Terry suggests that government departments seem to be lagging government agencies, with their narrower focus and specific mandates. Government has found it difficult to leave shed the command and control approach to management. And this holds them back from engaging in the give and take of social media. Dave offers, “Social media is really built on trust and that’s something that is lacking in government.” Terry adds, “Government often moves in geological time and it’s hard to move into social media in that environment.”
We also talk about machine measurement of sentiment in social media. Dave feels that the tools aren’t up to scratch. He offers props to the approach taken by Radian6, who offer automated sentiment measurement, but counsel that it’s just a starting point and that most organizations will want to add a layer of human review to any critical analyses.
We conclude the episode with the idea of running a comparative test of the automated sentiment solutions offered by Radian6 and Sysomos.
Organizations and people mentioned in this episode:
In this week’s Social Mediators, Terry Fallis, Dave Fleet and I talk about corporate online communications polices and then delve into the case of the Toronto Transit Commission’s handling of their social media crisis.
Following my post of the new Thornley Fallis Online Communcations Policy, I received an unusual spike of traffic on ProPR. Over 1,300 pageviews on a Sunday, which is normally my lowest traffic day, followed by an increase the next day to over 1,500 pageviews. This, compared to the couple hundred pageviews on an average day. When I checked my Google Analytics, I saw the source of the traffic: MetaFilter. My post was the subject of a pretty heated discussion, focusing especially on my admonition to employees to be mindful that
Each of us represents the company to the world and the character of the company is defined by our beliefs and actions. We must be mindful of this when participating in social media and any kind of online communications.
You may be active in social media on your own account. That’s good. But please remember that whether you are on your own time or company time, you’re still a member of our team. And the judgment you exercise on your own time reflects on the judgment you exercise at work. There’s only one you – at play and at work.
Terry and Dave weigh in with their own view about this in our Social Mediators discussion. Dave suggests that guidelines and policies need to be closely tied to the prevailing company culture. He likens social media guidelines to a “safety net.” Terry suggest that it goes both ways. If you do something that reflects negatively upon your employer, it most likely also reflects negatively on you as an individual. “Once something bad happens”, adds Dave, “it’s like the toothpaste is already out of the tube.”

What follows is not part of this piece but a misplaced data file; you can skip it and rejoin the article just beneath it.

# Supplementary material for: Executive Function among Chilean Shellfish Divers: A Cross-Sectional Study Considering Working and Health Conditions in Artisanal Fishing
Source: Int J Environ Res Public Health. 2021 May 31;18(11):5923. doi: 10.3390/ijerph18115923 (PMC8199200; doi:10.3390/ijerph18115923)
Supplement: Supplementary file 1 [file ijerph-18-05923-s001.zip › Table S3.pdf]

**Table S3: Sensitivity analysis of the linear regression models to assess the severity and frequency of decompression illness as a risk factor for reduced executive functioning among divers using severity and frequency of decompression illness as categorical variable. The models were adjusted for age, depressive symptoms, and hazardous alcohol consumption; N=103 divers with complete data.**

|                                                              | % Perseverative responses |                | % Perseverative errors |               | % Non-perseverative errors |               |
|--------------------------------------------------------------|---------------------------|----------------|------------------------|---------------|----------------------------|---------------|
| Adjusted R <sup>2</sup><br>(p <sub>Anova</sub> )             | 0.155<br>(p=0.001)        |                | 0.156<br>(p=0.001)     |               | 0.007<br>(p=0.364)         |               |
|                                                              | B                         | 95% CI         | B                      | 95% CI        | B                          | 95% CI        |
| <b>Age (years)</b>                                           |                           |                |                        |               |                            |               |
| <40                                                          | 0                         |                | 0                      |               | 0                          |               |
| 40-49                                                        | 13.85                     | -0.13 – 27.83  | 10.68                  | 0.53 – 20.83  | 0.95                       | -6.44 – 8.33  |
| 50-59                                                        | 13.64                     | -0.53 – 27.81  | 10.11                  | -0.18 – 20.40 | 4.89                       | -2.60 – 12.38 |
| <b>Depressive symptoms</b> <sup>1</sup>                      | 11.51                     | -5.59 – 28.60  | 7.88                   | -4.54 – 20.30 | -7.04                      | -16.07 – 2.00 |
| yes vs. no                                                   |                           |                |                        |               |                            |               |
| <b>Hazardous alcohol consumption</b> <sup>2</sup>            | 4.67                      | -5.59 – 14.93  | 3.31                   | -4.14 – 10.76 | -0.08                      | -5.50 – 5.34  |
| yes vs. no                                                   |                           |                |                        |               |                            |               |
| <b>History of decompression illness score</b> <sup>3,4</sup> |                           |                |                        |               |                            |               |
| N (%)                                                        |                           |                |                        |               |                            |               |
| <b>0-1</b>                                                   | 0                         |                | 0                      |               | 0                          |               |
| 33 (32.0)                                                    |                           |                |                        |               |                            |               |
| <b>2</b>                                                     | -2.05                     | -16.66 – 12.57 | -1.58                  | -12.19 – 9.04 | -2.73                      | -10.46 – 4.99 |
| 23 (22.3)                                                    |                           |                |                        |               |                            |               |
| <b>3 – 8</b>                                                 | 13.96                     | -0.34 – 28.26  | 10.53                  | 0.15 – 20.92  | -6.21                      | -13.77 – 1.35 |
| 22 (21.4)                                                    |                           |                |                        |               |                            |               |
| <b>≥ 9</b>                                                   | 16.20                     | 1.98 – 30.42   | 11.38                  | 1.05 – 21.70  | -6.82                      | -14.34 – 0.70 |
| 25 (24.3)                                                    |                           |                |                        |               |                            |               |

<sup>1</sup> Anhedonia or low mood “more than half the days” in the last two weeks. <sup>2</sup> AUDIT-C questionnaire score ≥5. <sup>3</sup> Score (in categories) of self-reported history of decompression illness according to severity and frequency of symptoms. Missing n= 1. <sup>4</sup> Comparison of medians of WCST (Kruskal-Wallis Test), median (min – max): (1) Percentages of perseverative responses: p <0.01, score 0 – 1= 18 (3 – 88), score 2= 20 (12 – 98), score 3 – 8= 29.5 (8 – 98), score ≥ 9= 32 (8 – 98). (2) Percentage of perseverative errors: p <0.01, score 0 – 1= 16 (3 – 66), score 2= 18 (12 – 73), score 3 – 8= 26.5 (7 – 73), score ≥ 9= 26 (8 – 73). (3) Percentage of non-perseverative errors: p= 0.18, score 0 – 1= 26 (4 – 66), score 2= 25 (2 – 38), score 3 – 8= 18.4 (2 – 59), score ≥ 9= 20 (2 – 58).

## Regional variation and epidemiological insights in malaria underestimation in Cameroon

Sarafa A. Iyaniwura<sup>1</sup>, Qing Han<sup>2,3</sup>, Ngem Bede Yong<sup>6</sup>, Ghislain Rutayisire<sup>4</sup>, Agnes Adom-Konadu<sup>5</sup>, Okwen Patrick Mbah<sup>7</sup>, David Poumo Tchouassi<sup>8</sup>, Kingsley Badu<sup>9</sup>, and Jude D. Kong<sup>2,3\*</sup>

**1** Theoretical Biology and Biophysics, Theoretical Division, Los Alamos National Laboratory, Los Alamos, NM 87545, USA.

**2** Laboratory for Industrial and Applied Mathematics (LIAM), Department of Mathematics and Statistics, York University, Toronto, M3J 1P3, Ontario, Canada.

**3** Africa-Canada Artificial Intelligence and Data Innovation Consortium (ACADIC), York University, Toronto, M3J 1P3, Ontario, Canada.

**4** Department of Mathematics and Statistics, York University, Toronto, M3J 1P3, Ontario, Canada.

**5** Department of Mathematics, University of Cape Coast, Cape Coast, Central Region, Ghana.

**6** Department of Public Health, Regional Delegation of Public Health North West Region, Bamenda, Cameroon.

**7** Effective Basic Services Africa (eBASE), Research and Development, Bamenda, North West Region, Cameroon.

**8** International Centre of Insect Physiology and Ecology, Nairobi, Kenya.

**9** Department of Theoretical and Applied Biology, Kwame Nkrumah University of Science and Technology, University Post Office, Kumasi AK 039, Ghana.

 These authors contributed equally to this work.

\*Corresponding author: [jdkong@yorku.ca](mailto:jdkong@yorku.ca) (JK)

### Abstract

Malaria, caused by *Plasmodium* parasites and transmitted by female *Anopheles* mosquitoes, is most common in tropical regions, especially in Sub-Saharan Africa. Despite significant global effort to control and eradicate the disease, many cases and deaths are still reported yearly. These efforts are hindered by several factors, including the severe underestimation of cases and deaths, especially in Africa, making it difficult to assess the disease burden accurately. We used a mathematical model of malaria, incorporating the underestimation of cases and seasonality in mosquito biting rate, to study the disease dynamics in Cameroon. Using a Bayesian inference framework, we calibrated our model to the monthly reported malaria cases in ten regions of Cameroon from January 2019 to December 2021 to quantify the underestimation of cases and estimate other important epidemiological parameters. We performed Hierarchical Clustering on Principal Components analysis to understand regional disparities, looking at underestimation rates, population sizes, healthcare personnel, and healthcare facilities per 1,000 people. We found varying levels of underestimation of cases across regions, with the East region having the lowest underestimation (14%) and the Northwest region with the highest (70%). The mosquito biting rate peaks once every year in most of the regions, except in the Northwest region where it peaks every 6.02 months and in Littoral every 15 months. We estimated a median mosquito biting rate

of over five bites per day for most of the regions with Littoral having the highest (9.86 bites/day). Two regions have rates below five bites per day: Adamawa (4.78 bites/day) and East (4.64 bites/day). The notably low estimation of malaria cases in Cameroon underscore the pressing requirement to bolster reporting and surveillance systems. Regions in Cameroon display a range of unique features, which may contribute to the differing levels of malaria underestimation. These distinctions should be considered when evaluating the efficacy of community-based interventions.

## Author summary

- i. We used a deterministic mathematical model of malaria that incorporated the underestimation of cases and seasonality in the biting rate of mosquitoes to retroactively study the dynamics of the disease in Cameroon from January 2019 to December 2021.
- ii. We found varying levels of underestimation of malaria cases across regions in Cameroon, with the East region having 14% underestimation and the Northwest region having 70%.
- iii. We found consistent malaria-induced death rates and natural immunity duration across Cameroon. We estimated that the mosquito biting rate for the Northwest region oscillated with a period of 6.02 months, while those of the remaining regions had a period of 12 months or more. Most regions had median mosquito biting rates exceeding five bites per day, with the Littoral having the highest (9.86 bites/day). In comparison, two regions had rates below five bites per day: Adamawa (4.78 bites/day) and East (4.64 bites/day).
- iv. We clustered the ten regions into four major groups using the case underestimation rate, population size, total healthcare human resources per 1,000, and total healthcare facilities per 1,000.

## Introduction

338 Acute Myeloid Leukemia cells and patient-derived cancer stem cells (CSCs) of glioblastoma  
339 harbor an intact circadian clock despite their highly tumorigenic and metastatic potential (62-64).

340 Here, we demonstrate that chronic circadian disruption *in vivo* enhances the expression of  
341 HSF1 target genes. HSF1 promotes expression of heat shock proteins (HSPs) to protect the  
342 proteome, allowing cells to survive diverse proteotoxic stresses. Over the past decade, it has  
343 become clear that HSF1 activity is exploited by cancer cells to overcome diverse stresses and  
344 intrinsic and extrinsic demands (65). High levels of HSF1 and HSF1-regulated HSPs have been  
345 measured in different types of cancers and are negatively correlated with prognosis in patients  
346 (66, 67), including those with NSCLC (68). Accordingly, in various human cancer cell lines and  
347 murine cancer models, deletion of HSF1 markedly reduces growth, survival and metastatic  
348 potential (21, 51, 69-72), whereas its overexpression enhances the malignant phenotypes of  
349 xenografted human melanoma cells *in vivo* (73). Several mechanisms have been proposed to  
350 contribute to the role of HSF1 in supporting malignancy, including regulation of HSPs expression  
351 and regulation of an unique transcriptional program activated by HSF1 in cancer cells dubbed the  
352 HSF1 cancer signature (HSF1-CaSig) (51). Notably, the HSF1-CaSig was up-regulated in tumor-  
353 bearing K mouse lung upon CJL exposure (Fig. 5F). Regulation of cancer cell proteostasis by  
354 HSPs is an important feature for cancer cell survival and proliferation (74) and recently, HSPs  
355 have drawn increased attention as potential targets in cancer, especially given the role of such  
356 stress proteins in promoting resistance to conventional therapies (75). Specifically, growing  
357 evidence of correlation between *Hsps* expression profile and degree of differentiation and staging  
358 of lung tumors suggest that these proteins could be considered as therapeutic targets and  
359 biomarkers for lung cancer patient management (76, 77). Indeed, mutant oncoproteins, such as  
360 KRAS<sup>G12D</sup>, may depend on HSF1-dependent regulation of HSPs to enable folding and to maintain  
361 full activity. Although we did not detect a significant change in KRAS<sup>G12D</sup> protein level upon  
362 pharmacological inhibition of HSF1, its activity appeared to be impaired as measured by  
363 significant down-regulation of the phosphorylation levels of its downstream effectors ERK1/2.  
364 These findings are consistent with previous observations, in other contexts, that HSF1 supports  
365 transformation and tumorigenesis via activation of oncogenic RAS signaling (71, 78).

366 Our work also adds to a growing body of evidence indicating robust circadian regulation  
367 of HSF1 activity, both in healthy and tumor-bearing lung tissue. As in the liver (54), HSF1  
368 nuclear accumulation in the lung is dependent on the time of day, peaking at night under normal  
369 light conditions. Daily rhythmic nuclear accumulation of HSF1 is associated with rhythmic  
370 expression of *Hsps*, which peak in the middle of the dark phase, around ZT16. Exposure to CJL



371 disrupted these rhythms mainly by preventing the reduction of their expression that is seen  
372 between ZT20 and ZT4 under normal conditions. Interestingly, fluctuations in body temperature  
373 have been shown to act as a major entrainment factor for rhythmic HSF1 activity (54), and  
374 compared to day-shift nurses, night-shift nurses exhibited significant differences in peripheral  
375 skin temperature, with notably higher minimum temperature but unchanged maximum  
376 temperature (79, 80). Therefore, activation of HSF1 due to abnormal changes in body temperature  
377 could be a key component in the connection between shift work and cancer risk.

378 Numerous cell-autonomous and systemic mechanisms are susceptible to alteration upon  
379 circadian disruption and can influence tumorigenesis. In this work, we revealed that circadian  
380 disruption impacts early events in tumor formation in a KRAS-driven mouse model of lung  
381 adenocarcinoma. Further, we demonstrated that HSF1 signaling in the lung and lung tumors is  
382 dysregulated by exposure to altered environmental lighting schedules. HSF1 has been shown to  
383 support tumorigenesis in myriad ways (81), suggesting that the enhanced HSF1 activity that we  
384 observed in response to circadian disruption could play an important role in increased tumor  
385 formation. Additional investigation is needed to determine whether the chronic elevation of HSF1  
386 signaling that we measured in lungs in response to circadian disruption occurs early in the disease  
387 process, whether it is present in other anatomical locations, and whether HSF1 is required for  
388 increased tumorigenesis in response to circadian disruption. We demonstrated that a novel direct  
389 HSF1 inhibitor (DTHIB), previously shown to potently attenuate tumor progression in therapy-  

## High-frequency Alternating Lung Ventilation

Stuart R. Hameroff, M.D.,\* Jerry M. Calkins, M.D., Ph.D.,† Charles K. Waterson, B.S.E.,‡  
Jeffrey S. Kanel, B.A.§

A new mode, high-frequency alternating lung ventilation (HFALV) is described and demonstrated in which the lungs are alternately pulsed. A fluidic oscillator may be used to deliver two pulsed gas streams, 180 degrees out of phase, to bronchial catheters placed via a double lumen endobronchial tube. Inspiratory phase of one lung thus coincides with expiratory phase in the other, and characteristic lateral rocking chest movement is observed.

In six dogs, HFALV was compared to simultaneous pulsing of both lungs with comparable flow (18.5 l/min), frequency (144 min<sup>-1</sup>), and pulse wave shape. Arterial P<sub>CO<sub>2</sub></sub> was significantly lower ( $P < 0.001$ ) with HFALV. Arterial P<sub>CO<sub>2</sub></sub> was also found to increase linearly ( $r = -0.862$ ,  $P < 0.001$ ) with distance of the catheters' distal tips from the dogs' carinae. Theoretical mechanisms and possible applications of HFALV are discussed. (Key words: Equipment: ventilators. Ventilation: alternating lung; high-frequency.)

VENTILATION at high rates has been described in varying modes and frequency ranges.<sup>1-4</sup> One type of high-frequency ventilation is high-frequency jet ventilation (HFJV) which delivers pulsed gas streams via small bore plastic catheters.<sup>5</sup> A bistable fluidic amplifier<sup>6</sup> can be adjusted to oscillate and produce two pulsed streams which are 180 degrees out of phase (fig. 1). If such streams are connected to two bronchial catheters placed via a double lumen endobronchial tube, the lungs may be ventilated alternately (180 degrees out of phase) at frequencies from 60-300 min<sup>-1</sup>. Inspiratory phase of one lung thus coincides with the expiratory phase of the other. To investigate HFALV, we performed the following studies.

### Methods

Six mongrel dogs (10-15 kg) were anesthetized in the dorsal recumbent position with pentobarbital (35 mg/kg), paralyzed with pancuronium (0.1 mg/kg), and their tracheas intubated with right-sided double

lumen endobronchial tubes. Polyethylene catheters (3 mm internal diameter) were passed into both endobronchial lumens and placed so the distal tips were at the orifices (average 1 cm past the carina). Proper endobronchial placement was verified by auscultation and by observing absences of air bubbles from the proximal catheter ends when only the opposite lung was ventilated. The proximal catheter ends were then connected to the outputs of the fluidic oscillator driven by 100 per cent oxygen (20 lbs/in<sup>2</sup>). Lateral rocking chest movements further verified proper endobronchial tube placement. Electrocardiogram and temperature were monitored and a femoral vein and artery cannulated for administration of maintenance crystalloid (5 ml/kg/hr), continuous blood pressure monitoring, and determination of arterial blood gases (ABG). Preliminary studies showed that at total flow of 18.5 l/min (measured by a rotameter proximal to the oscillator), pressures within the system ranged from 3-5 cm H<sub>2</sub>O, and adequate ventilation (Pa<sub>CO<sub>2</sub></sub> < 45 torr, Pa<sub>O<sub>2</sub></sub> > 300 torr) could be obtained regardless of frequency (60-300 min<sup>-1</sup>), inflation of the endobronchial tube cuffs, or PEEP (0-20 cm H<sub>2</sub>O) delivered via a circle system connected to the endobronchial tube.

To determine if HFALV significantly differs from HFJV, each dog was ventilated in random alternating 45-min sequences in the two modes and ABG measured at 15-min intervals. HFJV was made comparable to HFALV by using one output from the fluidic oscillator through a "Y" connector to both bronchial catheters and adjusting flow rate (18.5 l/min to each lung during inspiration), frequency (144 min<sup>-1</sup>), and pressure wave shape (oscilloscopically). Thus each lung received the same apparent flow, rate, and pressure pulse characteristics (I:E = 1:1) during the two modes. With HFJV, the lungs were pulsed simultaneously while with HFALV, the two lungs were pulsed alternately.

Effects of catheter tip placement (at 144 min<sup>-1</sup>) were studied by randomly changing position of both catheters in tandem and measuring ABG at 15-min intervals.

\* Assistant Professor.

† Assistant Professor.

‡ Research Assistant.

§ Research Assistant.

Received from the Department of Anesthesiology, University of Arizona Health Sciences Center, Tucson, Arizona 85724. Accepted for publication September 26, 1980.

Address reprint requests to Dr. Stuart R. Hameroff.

The TTC found itself facing a series of citizen criticism that started with a picture of a subway ticket taker asleep on the job and a bud driver who stopped his bus mid-trip for a coffee break. Management sent an email to employees suggesting that “you and you alone are responsible for your actions” and the employees fired back at the public. The damage has been done. We discuss whether it’s too late for the TTC to recover.
Each week, Terry Fallis, Dave Fleet and I will talk about social media, ubiquitous connectivity and their impact on communication, organizations and society. We’re always on, always connected. How are we taking advantage of the new capablities that gives us? And how is that affecting the way we relate to one another and how we organize around common interests? Finally, what does that mean for traditional organizations – companies, cause-based groups and government?
In this first episode, we talk about the concept of personal brand. Terry, David and I will be serving as mentors at the upcoming Personal Brand Camp 2 that Michael Cayley is organizing for the Humber College social media students. So, we talk about some of the issues relating to personal branding and our concern that young people not build an artificial brand online, but instead make sure that their personal brand reflects the same person they’d see when they look in the mirror – their real self.
We also talk about how Thornley Fallis’ new Online Communications Policy guides our employees to understand that what they do in their private online spaces reflects on the judgment they exercise in the workplace and, by extension, on the company.
You can watch the podcast here or subscribe to the RSS feed directly on the Social Mediators Website.
After you’ve watched the episode, please leave a comment. Let me know what you think of it. What topics would you like us to cover in the future? What guests would you like us to interview?
You can leave a written comment below or a webcam comment on the Social Mediators video blog.
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ProPR is authored by Joseph Thornley, CEO of Thornley Fallis and 76design. Thornley Fallis helps companies and organizations build relationships with customers, clients and stakeholders by integrating social media with public relations, creative design and word of mouth communications.